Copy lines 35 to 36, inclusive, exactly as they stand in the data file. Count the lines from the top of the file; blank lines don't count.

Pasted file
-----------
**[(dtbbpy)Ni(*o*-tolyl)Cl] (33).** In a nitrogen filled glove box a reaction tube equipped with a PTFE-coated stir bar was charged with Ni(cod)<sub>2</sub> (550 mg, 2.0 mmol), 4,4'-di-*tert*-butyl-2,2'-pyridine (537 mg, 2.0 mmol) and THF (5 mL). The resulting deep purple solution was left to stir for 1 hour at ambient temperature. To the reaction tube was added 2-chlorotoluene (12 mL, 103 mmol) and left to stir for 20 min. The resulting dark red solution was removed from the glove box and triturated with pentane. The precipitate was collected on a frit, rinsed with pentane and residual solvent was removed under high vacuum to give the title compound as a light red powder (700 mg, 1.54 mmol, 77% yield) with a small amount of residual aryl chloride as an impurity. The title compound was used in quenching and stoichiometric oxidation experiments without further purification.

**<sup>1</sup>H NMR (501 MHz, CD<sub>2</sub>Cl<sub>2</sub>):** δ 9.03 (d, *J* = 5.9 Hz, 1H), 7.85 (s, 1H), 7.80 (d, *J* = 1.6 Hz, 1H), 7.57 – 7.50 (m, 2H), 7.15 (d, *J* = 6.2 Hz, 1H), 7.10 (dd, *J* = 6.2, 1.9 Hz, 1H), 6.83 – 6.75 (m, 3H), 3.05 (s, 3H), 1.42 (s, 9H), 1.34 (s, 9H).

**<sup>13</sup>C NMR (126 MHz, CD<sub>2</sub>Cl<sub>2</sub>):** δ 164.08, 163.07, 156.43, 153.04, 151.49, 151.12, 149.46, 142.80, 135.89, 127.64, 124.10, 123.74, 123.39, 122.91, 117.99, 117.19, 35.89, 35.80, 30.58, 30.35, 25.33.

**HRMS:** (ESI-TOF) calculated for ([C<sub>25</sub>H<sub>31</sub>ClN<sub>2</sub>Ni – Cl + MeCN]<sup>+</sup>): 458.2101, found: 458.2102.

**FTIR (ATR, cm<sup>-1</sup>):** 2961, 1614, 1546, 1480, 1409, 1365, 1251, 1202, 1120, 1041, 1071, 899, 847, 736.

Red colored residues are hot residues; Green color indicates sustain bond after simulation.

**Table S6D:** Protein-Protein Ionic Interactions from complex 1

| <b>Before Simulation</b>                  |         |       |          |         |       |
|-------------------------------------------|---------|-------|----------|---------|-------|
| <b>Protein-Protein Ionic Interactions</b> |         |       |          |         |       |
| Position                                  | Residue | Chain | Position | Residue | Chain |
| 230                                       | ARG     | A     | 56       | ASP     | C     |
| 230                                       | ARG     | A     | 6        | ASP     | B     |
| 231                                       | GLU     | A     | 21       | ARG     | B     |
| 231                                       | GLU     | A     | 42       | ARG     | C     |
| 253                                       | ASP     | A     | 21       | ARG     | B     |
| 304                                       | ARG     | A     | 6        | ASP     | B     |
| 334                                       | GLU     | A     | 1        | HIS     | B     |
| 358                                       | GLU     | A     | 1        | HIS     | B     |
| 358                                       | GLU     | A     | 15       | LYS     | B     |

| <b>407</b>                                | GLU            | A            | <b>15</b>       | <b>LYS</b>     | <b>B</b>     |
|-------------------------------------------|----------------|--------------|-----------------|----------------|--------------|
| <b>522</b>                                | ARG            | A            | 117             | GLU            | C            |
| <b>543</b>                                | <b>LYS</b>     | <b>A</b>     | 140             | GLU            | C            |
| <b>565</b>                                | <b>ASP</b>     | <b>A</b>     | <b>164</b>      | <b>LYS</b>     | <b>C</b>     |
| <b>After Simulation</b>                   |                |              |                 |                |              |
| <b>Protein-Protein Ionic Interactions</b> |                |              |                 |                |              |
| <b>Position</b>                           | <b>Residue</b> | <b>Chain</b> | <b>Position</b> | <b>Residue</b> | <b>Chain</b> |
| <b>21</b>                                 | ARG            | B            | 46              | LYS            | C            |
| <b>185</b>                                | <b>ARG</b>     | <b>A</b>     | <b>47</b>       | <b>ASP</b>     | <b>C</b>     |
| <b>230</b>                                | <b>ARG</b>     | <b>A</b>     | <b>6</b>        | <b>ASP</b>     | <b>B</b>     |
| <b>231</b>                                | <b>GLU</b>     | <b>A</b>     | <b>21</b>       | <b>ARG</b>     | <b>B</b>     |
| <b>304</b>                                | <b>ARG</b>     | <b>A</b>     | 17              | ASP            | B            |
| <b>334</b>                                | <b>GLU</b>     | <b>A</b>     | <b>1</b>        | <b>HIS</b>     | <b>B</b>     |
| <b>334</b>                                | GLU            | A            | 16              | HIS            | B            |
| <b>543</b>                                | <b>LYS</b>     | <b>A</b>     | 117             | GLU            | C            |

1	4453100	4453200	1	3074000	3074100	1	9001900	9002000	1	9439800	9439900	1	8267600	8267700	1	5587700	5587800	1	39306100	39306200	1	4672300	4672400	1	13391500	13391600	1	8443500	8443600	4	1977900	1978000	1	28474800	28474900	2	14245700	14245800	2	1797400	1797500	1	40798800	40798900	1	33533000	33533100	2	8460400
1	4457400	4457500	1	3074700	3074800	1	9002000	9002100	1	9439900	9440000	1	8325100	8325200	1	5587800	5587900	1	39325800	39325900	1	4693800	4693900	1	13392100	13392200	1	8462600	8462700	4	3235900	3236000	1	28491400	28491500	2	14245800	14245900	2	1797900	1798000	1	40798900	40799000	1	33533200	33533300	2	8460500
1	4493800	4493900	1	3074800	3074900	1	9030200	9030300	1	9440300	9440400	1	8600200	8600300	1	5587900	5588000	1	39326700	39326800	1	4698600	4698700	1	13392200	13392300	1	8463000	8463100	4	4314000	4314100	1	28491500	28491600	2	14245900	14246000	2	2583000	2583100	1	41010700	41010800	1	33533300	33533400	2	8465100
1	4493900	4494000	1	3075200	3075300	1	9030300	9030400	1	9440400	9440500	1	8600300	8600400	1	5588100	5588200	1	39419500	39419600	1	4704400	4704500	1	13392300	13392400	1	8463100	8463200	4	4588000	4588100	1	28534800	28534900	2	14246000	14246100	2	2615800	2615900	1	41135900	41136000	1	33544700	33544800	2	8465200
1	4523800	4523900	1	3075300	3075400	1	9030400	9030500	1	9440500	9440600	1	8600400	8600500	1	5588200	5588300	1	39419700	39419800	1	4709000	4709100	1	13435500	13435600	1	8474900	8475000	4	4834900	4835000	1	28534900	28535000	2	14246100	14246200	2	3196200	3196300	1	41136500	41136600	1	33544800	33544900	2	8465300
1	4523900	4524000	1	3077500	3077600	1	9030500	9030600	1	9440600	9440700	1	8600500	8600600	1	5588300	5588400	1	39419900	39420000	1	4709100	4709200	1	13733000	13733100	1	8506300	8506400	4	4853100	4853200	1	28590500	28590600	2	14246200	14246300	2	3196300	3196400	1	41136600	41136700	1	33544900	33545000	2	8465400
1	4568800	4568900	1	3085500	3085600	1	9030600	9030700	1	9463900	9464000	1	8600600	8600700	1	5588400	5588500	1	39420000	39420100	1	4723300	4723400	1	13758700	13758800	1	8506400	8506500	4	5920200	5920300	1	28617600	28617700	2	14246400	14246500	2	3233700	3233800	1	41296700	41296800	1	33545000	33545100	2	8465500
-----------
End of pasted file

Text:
| <b>334</b>                                | GLU            | A            | 16              | HIS            | B            |
| <b>543</b>                                | <b>LYS</b>     | <b>A</b>     | 117             | GLU            | C            |